Books of the New Testament include the four gospels of Matthew, Mark, Luke and John, as well as the account of the early Church in the Book of Acts. The remainder of the New Testament consists of letters from apostles such as Paul, and closes with the Book of Revelation.
The four gospels focus on the life and ministry of Jesus, including his birth, preaching, death and resurrection. Each gospel also takes a particular perspective on Jesus. For example, the Gospel of Matthew emphasizes Jesus' role as savior and king, whereas the Gospel of Mark puts particular emphasis on Jesus as Messiah. The divinity of Jesus is a highlight in the Gospel of John, especially in chapter one.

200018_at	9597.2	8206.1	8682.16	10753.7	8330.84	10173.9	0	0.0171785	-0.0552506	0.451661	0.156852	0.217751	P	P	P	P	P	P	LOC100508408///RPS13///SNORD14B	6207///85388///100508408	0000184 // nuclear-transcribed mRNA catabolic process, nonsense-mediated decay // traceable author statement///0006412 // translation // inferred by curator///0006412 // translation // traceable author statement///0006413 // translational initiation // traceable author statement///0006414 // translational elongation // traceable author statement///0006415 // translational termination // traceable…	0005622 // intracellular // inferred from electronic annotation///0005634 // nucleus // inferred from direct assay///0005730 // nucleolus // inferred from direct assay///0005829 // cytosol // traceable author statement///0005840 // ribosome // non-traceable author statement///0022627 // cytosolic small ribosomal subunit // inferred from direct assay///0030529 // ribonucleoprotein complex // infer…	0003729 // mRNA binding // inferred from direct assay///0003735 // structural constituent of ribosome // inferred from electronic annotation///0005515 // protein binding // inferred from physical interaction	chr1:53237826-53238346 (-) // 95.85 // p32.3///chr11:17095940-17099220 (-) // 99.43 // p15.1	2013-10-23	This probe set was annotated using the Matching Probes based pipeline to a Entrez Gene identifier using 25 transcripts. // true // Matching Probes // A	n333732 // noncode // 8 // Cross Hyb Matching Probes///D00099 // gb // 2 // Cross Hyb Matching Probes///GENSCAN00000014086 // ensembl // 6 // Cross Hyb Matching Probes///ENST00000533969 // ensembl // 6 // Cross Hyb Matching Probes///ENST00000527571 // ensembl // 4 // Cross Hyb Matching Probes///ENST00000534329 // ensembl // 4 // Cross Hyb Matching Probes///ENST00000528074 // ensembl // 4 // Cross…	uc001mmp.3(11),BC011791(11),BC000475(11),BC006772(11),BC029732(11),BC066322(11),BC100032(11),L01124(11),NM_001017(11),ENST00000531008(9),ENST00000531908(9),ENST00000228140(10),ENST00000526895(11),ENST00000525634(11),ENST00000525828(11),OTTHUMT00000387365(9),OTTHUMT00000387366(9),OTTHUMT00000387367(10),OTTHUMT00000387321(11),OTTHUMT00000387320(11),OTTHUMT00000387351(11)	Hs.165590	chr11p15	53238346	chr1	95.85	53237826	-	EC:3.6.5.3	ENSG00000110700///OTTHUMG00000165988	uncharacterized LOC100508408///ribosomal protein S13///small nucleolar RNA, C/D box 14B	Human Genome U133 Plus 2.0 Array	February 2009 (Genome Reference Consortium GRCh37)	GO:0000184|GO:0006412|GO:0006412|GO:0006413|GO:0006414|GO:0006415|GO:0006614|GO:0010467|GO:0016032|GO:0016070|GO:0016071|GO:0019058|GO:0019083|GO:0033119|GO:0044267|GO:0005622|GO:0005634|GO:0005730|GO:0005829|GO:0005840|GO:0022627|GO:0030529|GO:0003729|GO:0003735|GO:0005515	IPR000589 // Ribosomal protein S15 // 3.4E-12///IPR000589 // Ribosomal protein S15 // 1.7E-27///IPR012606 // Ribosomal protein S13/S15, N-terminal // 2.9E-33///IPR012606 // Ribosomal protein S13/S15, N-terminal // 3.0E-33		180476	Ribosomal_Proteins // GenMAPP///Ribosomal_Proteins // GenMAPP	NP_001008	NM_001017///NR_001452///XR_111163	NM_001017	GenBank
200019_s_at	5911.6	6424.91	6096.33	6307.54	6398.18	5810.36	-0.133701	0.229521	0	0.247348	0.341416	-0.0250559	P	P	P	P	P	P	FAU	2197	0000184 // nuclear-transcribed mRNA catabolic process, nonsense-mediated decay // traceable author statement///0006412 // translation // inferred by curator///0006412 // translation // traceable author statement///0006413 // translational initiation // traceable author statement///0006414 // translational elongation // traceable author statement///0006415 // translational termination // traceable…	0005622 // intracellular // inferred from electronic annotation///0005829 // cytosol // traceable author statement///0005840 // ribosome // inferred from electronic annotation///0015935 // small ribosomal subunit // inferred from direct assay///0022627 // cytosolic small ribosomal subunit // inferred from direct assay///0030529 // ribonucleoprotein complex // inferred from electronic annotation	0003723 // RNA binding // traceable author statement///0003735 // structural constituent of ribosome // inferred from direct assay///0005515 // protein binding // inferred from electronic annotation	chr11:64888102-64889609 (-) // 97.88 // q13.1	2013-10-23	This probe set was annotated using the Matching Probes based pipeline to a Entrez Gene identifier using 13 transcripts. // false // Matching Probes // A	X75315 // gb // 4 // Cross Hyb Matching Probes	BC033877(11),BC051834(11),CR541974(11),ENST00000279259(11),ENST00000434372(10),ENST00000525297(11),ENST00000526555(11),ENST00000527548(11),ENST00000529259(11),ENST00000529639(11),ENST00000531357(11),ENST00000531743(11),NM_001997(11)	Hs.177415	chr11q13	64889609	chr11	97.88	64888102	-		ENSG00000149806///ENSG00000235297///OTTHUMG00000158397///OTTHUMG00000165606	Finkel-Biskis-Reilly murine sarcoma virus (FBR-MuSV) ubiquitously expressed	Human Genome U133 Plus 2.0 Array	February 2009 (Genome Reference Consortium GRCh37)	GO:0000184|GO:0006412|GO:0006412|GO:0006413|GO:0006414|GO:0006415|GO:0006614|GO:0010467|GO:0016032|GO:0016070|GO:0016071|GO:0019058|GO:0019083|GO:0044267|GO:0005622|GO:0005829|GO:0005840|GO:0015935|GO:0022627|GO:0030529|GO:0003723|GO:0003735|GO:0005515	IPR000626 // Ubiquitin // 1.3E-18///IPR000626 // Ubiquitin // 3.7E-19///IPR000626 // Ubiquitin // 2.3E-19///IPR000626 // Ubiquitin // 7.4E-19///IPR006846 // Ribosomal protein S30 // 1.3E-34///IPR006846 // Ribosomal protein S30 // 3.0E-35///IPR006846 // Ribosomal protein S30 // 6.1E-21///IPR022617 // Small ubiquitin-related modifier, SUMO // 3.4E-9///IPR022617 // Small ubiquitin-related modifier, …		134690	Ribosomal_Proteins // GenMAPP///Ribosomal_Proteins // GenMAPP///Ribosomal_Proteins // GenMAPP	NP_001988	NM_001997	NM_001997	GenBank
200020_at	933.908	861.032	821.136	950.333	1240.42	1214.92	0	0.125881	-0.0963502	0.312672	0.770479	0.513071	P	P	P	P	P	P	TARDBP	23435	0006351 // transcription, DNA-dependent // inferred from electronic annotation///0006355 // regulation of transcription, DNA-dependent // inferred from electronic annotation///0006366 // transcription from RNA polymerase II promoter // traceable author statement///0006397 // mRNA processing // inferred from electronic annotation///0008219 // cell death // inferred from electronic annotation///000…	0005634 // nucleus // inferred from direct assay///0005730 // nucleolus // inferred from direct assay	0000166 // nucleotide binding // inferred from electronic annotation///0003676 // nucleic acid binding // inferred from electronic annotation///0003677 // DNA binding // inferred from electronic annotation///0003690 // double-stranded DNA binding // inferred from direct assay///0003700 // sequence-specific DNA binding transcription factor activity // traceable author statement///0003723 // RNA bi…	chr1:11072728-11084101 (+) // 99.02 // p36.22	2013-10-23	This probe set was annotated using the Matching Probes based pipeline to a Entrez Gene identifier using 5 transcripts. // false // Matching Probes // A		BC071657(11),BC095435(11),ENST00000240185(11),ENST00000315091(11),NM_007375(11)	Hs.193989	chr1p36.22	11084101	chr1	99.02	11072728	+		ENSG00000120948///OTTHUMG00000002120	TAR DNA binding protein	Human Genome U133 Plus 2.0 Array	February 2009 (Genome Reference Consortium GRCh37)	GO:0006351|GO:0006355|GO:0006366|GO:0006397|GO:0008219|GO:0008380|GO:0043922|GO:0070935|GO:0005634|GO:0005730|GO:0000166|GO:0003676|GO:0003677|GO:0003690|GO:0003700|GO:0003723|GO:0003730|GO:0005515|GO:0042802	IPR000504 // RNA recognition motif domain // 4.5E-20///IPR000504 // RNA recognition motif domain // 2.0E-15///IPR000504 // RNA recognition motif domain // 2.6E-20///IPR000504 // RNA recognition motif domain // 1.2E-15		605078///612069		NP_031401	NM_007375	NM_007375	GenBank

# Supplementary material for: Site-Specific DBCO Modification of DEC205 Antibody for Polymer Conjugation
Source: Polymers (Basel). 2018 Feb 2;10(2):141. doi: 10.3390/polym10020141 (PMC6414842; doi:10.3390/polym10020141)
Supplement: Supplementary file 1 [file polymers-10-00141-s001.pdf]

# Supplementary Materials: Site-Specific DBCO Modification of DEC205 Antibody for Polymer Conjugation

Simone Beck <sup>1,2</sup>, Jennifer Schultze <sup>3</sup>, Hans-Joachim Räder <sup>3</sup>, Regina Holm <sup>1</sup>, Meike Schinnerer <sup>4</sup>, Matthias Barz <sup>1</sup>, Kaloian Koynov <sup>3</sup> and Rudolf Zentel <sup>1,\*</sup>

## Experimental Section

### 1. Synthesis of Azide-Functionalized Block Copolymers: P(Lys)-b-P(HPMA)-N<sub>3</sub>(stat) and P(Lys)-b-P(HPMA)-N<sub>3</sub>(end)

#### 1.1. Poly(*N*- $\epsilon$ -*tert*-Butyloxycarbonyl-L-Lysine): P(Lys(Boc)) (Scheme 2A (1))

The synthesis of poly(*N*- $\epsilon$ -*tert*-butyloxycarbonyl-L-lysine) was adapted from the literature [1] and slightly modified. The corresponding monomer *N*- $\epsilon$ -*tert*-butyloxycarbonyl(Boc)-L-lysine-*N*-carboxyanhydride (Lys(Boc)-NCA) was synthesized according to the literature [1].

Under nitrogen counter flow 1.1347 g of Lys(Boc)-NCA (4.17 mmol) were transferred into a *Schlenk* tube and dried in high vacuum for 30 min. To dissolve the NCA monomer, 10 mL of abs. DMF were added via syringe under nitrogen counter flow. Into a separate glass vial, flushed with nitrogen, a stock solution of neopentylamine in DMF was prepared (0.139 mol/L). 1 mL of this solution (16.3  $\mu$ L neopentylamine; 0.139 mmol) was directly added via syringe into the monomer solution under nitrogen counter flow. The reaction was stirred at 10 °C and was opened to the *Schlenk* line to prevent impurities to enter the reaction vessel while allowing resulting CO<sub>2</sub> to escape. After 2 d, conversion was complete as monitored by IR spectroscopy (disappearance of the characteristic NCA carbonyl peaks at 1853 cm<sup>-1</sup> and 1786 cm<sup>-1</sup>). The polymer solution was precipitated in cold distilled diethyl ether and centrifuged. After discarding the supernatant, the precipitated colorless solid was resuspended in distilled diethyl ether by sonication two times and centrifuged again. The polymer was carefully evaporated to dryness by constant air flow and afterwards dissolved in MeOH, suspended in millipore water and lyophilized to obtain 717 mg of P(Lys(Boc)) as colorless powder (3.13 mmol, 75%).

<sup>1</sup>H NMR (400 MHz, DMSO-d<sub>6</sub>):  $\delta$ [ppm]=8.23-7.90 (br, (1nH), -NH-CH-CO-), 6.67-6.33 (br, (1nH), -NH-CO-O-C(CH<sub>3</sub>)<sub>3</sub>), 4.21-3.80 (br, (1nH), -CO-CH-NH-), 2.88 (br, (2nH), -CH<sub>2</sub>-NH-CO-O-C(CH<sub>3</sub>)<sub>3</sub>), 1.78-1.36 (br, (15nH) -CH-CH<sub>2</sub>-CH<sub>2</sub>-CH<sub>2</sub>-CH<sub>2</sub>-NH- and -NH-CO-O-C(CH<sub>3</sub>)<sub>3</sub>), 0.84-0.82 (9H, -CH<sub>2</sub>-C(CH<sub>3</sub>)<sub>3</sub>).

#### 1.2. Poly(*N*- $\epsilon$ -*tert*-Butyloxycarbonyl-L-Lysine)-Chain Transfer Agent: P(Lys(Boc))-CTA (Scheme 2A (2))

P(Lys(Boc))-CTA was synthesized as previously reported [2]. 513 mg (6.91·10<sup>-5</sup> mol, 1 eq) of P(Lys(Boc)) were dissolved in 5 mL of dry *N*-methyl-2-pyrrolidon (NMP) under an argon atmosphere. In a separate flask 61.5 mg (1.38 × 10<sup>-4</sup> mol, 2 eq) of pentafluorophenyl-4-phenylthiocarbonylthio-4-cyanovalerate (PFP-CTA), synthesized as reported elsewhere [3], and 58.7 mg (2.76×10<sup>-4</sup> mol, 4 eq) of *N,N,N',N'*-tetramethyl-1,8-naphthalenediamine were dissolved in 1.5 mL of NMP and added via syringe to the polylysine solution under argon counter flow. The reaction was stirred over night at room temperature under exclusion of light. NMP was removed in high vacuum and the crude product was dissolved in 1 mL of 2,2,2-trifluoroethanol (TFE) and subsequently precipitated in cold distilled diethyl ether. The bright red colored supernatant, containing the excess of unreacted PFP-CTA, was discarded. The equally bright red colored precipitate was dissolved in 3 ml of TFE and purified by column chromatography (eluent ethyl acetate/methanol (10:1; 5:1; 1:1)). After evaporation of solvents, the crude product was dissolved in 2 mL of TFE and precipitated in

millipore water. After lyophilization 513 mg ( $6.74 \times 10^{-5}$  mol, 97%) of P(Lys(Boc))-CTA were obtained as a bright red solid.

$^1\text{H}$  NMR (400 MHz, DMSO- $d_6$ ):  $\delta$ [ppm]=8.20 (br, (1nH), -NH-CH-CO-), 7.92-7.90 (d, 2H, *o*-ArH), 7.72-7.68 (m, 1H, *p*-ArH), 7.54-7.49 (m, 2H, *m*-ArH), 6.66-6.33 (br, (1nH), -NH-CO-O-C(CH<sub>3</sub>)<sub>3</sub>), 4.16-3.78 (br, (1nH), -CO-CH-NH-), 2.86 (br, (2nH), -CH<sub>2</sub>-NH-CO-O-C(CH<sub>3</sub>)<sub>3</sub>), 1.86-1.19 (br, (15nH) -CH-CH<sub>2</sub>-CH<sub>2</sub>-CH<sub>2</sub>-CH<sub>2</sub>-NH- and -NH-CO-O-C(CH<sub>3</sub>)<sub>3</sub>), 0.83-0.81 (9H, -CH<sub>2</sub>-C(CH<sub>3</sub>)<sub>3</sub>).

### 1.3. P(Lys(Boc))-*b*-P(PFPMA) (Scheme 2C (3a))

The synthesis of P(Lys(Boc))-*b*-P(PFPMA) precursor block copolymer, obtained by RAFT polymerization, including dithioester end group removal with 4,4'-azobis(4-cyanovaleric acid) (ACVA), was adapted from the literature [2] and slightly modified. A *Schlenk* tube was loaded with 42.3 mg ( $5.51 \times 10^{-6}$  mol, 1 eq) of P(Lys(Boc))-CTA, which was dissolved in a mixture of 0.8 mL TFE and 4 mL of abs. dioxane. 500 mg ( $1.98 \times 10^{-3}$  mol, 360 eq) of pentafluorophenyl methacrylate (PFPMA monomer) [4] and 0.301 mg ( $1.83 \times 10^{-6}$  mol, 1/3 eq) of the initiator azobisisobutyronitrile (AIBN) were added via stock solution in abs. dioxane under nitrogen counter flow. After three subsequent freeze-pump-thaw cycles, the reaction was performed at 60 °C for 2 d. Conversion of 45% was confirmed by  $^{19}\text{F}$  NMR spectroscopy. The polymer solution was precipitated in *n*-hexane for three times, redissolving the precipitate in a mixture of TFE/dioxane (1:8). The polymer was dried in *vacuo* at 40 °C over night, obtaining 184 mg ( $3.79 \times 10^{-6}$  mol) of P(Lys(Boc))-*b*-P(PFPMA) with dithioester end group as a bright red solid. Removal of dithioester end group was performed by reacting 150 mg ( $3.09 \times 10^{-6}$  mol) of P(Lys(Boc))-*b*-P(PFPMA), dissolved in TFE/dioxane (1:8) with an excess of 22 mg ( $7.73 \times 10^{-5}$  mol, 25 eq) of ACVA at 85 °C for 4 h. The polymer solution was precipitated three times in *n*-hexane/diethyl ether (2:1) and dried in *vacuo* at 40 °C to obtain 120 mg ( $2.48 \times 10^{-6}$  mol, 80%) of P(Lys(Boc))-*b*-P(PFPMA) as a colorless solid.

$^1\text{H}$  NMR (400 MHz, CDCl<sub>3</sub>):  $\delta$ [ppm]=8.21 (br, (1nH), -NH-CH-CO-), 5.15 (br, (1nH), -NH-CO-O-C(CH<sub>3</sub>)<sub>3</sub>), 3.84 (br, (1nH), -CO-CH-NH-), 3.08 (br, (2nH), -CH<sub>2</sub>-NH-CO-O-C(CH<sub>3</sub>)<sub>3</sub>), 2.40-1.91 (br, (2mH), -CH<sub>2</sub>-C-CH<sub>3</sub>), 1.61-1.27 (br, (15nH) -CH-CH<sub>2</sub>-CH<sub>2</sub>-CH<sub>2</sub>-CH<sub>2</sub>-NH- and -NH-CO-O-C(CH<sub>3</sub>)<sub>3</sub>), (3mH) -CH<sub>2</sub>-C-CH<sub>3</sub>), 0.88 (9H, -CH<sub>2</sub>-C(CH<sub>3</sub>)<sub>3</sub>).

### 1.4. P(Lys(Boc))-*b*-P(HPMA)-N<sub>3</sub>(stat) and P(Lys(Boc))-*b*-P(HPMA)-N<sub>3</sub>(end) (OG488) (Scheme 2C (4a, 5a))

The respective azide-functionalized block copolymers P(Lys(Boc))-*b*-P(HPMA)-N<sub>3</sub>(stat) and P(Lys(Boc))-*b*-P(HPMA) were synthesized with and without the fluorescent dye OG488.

The Acts of the Apostles follows the preaching and trials of the apostles after the death and resurrection of Jesus. The book emphasizes the ministries of St. Peter and St. Paul. Most of the epistles of the New Testament attach Paul's name to them, and other letters attribute their authorship to St. Peter or St. John.
At the end of the New Testament is the book of Revelation, also called the Apocalypse, which contains symbols and visions that many Christians see as pertaining to the end of the world and future historical events.